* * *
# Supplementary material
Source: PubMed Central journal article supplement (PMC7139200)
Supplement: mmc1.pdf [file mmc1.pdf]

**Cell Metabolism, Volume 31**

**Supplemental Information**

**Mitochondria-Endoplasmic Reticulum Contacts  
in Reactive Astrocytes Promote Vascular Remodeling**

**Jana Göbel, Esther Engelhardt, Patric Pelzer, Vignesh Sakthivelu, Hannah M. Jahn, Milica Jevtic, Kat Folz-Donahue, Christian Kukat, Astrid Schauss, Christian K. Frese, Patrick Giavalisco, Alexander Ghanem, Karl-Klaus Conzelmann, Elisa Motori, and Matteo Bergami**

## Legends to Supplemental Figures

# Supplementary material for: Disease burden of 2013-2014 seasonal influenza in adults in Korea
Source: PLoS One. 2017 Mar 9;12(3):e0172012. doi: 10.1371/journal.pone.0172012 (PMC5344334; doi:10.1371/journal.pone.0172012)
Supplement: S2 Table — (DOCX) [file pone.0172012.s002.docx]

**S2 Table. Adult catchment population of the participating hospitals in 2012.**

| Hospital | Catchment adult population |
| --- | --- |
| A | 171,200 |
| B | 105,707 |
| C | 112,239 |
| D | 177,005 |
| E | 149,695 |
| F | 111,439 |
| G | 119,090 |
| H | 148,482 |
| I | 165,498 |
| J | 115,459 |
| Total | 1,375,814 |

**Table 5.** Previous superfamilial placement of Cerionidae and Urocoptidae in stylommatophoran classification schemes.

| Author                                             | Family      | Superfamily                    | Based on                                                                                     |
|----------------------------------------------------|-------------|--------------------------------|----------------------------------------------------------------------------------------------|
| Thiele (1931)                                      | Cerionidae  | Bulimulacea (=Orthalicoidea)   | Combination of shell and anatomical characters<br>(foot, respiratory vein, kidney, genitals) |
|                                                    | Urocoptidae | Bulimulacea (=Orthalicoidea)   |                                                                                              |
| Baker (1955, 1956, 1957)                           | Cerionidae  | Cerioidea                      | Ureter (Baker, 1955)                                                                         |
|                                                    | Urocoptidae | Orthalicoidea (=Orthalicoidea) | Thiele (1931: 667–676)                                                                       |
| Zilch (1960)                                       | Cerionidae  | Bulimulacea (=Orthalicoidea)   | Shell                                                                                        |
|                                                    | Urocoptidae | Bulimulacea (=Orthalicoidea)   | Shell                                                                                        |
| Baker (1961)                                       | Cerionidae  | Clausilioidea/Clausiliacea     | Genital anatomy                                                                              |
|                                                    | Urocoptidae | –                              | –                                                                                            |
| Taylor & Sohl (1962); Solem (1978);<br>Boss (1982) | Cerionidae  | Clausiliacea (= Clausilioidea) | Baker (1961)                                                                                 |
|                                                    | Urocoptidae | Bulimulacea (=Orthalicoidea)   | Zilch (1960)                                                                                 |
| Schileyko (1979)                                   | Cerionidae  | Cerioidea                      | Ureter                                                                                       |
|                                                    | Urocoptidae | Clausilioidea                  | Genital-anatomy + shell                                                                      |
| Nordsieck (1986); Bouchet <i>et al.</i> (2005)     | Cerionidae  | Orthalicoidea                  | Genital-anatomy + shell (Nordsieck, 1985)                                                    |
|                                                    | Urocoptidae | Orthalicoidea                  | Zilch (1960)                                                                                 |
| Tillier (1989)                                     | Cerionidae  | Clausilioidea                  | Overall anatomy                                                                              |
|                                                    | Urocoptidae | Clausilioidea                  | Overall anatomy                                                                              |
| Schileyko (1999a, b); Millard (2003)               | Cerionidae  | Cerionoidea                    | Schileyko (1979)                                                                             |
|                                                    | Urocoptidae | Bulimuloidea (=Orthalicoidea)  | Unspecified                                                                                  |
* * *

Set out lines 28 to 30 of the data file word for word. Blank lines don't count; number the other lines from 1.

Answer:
| Author                                             | Family      | Superfamily                    | Based on                                                                                     |
|----------------------------------------------------|-------------|--------------------------------|----------------------------------------------------------------------------------------------|
| Thiele (1931)                                      | Cerionidae  | Bulimulacea (=Orthalicoidea)   | Combination of shell and anatomical characters<br>(foot, respiratory vein, kidney, genitals) |